Ardevora’s founders aim to manage clients’ money as they would their own.
Ardevora is an independent global equity boutique. The London-based investment management company was founded in 2010 by fund managers Jeremy Lang and William Pattisson.
The duo founded Ardevora with a simple vision: to run clients’ money in the same way they would look after their own, in a stimulating and enjoyable working environment. Today, Ardevora has eight partners and more than 25 employees.
We manage around £5 billion of assets across Global, UK and SRI funds, and work for a diverse range of clients around the world.
Our investment team is led by our three experienced fund managers, Jeremy Lang, William Pattisson and Ben Fitchew. All three collectively share responsibility for the performance of all of our portfolios and make all stock decisions.
Our approach to investing is fundamental. We are stock-pickers. We look at many of the same things as other fundamental investors, but we think we do it in a slightly different way. Like most investors, we aim to invest in well-managed, low-risk businesses. But, unlike most, Ardevora’s process is grounded in cognitive psychology: the study of how we perceive the world and make decisions. It recognises that the key players in investment markets have biases that affect their behaviour and lead to poor judgements. We aim to identify areas where bias exists and exploit the anomalies that occur in markets as a result.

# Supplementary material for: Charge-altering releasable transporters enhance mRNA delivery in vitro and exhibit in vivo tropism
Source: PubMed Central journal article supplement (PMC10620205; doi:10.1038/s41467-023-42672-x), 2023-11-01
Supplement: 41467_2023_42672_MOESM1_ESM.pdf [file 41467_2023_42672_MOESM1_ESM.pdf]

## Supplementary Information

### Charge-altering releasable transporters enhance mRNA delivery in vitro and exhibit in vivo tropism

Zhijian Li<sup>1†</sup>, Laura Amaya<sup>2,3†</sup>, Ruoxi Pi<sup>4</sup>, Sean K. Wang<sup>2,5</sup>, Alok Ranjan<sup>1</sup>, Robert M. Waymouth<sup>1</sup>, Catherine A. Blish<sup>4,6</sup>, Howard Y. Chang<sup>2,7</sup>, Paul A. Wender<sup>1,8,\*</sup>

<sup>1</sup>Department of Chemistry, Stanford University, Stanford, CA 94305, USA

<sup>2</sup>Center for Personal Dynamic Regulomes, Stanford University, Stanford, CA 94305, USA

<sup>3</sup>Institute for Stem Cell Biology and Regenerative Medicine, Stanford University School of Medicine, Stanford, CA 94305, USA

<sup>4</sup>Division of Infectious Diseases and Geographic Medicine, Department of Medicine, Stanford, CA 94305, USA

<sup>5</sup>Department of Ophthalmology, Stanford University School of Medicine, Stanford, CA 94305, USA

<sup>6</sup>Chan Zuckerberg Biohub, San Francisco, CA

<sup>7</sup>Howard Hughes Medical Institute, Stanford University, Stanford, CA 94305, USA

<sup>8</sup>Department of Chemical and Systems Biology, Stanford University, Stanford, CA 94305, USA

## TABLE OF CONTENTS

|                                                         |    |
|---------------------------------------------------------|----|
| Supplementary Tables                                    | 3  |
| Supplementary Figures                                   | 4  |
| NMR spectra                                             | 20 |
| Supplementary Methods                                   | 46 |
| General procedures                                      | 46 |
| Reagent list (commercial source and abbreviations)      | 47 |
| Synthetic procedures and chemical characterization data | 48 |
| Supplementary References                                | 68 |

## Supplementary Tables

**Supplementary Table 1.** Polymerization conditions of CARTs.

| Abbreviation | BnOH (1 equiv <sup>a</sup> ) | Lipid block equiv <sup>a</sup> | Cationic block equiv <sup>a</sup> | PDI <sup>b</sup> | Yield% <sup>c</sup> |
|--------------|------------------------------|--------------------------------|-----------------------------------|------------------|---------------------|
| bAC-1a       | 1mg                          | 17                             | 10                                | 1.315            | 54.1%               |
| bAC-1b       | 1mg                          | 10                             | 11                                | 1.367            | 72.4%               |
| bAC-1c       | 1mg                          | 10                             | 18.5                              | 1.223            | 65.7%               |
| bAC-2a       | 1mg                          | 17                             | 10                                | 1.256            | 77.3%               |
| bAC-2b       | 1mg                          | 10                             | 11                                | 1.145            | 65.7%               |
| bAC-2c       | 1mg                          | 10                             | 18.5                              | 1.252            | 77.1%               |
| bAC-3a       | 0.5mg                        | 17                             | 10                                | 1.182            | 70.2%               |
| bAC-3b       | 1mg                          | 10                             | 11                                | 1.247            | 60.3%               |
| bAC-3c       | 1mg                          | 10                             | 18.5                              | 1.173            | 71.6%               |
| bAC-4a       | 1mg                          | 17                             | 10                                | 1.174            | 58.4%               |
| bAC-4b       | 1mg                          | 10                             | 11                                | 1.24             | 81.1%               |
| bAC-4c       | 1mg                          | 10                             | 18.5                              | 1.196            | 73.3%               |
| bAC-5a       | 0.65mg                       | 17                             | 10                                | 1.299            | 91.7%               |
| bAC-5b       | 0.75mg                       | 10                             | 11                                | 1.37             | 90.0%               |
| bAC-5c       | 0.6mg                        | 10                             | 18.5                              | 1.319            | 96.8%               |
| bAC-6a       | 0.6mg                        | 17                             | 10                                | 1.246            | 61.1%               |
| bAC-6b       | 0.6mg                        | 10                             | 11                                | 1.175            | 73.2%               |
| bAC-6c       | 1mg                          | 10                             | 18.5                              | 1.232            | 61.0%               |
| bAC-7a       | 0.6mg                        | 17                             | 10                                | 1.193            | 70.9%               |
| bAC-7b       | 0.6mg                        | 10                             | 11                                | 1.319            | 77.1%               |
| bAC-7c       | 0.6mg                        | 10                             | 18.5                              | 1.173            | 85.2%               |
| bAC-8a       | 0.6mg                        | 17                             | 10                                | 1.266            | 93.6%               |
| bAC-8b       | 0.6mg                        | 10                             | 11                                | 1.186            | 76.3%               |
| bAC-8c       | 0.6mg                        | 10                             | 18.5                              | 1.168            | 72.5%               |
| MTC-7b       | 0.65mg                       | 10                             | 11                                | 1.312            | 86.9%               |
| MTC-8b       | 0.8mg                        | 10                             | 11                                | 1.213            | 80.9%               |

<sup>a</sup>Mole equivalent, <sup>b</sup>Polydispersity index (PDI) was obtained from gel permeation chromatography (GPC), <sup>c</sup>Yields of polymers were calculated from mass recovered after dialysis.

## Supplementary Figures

Although business models and market cycles will change, human behaviour does not: people will always display bias as they are hardwired to make systemic mistakes. These biases especially manifest themselves in the financial markets, where the conflation of very intelligent, ambitious people with lots of information thrown at them creates a ripe environment for bias.
The cognitive approach
We find it easier to understand bias in financial markets by looking at company management, sell-side analysts and buy-side investors. Cognitive psychology tells us that company managers, despite being intelligent and well informed, are especially susceptible to overconfidence bias. If the environment they face allows them to, they can take on too much risk.
We take the view that, all things being equal, management are likely to push a business harder than is sensible. In our view, financial analysts can often underappreciate how fast, and for how long, unusual businesses can grow, especially relative to superficially similar businesses. By exploiting this tendency, we hope to identify interesting ‘growth stocks’.
Separately, investors can often become sceptical and nervous about companies after a traumatic event. By exploiting this tendency, we hope to identify interesting ‘value stocks’.
These biases create an opportunity for investors who can identify them and know how to position their portfolios to take advantage accordingly.
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